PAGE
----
Charges laid against man for two of the Church-Wellesley murders, more remain unsolved

by Sara Jaffri

After being unable to prevent or solve a string of murders and disappearances last year, the Toronto Police Services (TPS) have charged Bruce McArthur for the murder of two of the missing persons, Salim Esen and Andrew Kinsman. Both men went missing at different times in 2017 and were last seen at intersections just outside the borders of the Church and Wellesley Village neighbourhood in downtown Toronto.

The TPS has come under fire for failing to solve several other cases, including the disappearance and murders of Aloura Wells and Tess Richey. Wells and Richey were both separately reported as having gone missing from the Church and Wellesley area last year, with their bodies eventually being discovered by citizens, not the police. In the case of Tess Richey, her body was found by her own mother in a stairwell in the Church and Wellesley area.

Tess Richey, 22, disappeared on November, 25, 2017, and her body was found four days later by her own mother who was desperate to track her down. Photo source: CBC

According to Nicki Ward, a director at the Church Wellesley Neighbourhood Association (CWNA), it was only after pressure and efforts by family and community members that the police took the two cases seriously. The police belatedly admitted to not treating Wells’ disappearance with the urgency it deserved.

Details of an assault charge against MacArthur dating back to 2003 as well as discovery of a vehicle formerly belonging to him containing traces of blood have been in the headlines this week. However, LGBTQ community member John Allan shared that himself and others are “pissed off” about how long police disregarded the lives of people from his community.

At the time of declaring McArthur’s arrest, the TPS was unable to provide any evidence at all, and still haven’t found the bodies of Esen or Kinsmen.

“We are conducting these search warrants in efforts to locate the bodies but at this point in time no we have not located them,” said Detective Sergeant Hank Idsinga of the Toronto Police Homicide Squad at a press conference on January 18.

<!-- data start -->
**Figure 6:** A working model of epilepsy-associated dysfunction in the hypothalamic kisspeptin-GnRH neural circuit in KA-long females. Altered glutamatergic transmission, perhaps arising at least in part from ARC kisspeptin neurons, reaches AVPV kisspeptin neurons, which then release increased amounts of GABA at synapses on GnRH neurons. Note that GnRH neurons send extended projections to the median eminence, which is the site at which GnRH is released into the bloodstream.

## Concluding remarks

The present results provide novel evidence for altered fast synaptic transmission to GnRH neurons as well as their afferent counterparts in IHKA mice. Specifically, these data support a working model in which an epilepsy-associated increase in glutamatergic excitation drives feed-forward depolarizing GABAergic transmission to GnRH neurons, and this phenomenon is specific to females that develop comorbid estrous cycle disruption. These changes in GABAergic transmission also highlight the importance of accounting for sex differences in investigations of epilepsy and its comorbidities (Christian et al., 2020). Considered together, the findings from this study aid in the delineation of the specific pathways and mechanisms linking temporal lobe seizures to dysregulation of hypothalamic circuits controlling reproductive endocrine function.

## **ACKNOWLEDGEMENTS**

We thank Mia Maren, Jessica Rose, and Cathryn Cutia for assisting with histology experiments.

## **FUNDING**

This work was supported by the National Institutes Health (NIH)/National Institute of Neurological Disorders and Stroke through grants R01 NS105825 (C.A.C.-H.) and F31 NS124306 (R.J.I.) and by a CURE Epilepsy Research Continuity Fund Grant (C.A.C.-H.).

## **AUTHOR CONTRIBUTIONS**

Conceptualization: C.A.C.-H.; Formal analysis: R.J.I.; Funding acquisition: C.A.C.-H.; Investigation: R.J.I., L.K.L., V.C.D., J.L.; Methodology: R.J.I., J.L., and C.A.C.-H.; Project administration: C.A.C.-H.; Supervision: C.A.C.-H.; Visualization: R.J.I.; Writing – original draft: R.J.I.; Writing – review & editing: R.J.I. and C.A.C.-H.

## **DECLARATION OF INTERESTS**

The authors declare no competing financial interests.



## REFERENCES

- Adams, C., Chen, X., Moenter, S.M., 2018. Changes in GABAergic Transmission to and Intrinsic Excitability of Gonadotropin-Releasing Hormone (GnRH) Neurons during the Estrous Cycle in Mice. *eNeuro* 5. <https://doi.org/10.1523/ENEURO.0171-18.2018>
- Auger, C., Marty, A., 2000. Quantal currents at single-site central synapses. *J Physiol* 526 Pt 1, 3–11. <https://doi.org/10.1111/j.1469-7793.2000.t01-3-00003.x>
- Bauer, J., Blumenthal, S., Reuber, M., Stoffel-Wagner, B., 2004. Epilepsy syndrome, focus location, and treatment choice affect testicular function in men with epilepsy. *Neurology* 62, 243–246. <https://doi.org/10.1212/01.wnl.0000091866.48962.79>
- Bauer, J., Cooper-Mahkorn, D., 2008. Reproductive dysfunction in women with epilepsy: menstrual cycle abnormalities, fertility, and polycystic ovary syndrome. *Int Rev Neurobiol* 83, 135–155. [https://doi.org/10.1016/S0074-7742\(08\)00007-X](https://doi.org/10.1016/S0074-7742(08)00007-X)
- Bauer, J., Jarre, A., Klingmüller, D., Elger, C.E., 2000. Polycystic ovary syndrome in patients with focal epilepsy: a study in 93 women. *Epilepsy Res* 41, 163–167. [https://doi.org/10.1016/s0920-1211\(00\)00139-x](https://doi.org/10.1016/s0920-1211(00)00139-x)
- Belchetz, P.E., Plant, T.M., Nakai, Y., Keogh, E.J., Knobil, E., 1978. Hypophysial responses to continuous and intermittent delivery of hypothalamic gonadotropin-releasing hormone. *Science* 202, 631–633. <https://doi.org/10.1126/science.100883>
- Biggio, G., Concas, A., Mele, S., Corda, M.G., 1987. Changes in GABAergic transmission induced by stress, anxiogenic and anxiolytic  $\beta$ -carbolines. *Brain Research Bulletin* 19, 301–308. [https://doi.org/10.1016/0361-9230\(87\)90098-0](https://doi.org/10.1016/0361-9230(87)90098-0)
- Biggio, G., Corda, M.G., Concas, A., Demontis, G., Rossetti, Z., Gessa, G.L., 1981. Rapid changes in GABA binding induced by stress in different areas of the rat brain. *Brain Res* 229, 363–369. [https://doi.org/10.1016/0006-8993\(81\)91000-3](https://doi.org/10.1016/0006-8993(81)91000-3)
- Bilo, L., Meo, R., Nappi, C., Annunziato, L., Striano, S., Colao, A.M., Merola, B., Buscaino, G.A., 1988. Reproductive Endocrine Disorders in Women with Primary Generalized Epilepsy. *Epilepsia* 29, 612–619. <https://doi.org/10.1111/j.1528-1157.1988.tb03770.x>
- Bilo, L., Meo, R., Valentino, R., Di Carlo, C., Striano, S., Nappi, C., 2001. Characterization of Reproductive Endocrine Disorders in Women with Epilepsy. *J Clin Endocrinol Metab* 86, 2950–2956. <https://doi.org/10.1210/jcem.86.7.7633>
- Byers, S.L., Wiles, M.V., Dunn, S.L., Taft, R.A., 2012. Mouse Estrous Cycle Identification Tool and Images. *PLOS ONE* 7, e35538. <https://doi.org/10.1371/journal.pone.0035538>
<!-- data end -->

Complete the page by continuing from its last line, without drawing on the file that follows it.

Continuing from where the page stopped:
“I’m well aware of the difficulty of prosecuting people without recovering bodies but in this case we believe we have strong enough evidence that we can do exactly that.”

During the press conference, Idsinga and Chief of Police Mark Saunders refused to comment on the Tess Richey murder case.

While police held the line that its relationship with marginalized communities is not a source of the problem, residents of Church and Wellesley gave up any hope or trust in the TPS and began to self-organize for their community’s safety.

In December, organizations like the CWNA, along with others in the Church and Wellesley neighbourhood, began to build a program through which volunteers can look out for their neighbours and accompany them on walks home.

Though the safe-walk program is still in an early stage of development, it illustrates that communities under attack are capable not only of investigating cases that the police won’t solve, but also of organizing to defend and protect themselves.

At the press conference, police framed the arrest of MacArthur as ‘progress’. However, their enthusiasm conceals the fact that last year, only 41% of reported homicide cases in Toronto were solved by the Toronto police – the lowest clearance rate in 10 years.

The credibility of the TPS in relation to marginalized communities took another blow this month when NOW magazine published a feature analysis that reveals a disproportionate number of unsolved murders relate to cases where the victim is a black male. Black males have been the victims in approximately 50% of all unsolved cases since 1959 in Toronto, despite the fact that the Toronto’s Black community makes up less than 10% of Toronto’s population.

“What little confidence that the community had in the Toronto Police Service has completely evaporated, and I think with good reason,” Nicki Ward of the CWNA told the CBC.

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